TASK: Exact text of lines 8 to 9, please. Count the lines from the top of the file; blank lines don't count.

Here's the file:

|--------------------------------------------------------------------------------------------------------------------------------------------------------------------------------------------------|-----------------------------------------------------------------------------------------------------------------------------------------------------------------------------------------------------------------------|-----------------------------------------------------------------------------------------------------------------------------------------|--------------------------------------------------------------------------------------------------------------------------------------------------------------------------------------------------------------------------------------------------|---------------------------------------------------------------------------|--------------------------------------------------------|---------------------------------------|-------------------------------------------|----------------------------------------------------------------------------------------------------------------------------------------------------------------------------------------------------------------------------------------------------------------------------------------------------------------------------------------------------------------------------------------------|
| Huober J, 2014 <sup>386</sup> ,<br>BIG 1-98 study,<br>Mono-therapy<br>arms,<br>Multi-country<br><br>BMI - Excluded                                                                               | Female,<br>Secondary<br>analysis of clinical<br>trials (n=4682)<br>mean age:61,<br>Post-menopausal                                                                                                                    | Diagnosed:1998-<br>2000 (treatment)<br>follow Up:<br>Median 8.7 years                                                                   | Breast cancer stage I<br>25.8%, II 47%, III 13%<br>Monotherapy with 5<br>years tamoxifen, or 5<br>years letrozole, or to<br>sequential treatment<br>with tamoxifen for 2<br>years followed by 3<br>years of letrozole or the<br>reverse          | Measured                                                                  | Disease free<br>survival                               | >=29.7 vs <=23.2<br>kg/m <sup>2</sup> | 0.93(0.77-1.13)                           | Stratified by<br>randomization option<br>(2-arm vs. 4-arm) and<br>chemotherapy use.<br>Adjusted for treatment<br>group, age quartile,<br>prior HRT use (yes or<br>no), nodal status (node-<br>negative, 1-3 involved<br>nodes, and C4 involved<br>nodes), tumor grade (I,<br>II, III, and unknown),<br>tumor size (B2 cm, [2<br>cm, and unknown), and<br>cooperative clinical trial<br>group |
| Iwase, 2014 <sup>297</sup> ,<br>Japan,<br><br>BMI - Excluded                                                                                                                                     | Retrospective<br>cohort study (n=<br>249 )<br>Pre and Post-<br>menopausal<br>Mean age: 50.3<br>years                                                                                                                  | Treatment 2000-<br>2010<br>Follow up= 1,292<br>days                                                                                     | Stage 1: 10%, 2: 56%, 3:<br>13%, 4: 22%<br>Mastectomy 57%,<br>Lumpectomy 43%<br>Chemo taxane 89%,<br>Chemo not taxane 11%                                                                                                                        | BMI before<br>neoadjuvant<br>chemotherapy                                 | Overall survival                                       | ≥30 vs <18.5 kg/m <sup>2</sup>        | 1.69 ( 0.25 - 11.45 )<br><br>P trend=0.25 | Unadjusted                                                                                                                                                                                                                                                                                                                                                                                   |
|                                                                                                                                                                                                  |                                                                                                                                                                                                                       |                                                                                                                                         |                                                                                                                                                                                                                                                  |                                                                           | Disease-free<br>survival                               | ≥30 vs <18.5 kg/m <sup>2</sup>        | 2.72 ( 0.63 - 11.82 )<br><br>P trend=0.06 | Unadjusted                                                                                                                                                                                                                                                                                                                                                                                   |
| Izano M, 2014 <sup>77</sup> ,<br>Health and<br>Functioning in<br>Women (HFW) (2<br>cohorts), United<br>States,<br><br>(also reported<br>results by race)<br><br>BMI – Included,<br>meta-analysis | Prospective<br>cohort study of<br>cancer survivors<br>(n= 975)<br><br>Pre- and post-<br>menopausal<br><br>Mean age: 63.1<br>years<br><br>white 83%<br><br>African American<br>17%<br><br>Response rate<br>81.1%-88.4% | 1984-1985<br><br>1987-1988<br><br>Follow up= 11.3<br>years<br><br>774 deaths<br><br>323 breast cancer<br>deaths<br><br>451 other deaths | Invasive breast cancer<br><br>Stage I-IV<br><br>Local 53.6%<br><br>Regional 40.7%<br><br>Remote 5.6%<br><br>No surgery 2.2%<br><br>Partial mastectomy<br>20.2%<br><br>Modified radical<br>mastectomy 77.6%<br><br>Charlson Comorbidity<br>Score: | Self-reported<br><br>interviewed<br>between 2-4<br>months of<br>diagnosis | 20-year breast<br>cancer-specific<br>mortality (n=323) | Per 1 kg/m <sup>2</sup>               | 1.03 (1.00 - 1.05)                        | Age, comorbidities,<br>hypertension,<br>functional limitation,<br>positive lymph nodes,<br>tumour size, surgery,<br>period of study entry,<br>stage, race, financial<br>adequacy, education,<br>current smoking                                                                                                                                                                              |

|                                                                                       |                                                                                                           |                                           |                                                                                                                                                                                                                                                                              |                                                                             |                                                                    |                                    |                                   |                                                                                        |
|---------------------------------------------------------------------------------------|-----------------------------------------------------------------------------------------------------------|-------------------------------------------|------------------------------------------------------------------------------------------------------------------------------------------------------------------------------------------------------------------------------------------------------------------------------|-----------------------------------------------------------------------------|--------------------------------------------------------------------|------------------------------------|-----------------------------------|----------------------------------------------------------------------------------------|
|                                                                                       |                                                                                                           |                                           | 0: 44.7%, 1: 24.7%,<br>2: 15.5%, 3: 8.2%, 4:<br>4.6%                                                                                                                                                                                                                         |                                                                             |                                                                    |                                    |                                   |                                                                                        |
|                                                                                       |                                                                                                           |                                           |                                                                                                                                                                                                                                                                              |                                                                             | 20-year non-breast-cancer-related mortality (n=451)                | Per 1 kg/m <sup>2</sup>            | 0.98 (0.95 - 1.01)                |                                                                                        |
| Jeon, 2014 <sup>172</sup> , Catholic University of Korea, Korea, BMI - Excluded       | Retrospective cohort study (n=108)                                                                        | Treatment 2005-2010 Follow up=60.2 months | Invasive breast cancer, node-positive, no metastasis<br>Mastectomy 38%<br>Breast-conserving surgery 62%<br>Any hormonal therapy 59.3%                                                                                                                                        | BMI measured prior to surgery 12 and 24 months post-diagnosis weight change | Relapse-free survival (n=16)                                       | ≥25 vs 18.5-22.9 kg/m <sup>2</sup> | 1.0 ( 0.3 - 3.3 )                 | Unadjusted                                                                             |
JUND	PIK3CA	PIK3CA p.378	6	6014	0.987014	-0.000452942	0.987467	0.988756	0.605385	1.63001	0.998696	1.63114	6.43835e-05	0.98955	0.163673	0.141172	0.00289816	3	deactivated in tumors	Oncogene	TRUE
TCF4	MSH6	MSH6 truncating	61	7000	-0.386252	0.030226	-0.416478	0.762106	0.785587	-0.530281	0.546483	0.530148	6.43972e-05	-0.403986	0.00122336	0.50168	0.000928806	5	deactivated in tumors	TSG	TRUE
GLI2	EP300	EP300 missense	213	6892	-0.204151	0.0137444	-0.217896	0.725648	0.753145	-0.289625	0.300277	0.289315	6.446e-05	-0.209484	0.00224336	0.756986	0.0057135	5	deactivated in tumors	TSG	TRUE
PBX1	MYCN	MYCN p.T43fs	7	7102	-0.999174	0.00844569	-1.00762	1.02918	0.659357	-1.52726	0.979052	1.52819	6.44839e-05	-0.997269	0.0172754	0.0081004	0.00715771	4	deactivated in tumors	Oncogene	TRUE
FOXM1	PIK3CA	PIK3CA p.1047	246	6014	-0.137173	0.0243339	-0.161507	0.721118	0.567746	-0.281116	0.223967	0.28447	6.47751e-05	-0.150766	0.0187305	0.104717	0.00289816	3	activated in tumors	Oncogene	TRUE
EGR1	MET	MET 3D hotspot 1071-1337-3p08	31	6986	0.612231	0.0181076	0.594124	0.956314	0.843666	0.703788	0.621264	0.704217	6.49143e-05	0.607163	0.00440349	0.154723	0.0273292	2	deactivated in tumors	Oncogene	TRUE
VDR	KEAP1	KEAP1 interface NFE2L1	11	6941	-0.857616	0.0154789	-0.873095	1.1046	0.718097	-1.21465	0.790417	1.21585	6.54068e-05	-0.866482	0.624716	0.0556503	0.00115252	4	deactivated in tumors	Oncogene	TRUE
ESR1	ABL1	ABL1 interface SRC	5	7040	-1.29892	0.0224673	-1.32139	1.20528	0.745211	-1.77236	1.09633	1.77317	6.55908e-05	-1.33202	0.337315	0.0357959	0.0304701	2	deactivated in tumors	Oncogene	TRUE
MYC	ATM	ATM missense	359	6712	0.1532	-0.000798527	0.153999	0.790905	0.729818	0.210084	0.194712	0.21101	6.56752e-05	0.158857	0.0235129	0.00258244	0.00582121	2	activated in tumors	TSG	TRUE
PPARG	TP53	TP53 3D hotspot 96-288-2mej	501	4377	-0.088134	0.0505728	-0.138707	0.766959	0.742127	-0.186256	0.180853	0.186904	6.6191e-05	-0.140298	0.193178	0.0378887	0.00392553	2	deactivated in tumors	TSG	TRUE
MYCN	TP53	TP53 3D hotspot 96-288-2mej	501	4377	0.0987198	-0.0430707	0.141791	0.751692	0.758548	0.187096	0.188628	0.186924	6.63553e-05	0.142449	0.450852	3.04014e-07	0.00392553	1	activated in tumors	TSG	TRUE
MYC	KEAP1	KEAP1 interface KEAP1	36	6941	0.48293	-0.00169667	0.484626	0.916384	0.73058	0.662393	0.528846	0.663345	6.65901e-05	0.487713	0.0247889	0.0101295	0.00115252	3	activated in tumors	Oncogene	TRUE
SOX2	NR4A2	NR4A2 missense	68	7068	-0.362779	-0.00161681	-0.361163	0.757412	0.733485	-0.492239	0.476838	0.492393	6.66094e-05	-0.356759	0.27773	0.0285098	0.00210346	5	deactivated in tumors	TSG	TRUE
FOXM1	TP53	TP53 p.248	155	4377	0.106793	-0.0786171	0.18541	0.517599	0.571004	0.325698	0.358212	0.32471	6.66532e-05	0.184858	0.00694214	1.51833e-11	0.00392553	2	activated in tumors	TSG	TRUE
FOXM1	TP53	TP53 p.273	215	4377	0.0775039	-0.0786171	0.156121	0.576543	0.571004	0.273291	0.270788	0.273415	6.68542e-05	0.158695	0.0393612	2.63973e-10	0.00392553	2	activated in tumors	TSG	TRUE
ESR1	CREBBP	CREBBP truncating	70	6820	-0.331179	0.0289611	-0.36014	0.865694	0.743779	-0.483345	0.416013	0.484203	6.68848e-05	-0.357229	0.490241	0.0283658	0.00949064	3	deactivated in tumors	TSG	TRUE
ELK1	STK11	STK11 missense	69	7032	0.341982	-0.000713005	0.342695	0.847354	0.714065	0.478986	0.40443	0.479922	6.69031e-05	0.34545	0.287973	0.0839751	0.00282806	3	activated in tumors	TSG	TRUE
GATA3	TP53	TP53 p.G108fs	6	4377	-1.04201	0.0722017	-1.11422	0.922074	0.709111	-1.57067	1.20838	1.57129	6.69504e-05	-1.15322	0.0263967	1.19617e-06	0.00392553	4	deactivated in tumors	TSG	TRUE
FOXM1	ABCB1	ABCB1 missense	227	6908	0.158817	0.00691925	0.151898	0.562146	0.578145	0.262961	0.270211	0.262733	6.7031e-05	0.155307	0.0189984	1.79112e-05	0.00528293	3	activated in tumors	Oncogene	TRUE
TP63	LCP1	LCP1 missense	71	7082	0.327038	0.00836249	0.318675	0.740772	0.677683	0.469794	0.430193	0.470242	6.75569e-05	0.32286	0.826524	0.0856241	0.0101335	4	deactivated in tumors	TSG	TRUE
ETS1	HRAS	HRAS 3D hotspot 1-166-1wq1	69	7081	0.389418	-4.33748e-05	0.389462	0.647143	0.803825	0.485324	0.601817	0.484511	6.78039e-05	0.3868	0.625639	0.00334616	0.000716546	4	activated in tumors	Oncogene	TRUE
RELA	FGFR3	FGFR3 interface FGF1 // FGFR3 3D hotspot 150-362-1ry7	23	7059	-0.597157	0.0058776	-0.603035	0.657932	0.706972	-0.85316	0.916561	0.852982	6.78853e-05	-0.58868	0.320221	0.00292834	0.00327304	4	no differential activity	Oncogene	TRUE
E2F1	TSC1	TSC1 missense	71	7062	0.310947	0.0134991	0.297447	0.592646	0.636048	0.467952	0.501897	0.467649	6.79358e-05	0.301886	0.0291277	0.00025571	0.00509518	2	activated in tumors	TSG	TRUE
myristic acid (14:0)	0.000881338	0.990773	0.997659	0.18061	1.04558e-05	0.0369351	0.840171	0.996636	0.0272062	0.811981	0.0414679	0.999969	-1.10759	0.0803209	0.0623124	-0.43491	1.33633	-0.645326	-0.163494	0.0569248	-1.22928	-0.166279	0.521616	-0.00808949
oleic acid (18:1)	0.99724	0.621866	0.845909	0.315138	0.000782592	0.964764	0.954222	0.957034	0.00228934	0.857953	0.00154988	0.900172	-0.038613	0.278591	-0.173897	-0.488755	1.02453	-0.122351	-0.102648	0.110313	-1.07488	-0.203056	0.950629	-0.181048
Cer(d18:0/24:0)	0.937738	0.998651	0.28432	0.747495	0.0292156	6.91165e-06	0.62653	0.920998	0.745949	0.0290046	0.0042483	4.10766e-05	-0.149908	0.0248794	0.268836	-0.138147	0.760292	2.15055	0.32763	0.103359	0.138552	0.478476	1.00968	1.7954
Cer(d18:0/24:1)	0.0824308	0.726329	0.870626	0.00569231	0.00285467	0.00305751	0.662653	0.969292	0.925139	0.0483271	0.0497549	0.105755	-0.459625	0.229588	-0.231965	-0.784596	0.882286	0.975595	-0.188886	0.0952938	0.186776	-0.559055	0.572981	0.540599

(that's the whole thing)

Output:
|                                                                                       |                                                                                                           |                                           | 0: 44.7%, 1: 24.7%,<br>2: 15.5%, 3: 8.2%, 4:<br>4.6%                                                                                                                                                                                                                         |                                                                             |                                                                    |                                    |                                   |                                                                                        |
|                                                                                       |                                                                                                           |                                           |                                                                                                                                                                                                                                                                              |                                                                             | 20-year non-breast-cancer-related mortality (n=451)                | Per 1 kg/m <sup>2</sup>            | 0.98 (0.95 - 1.01)                |                                                                                        |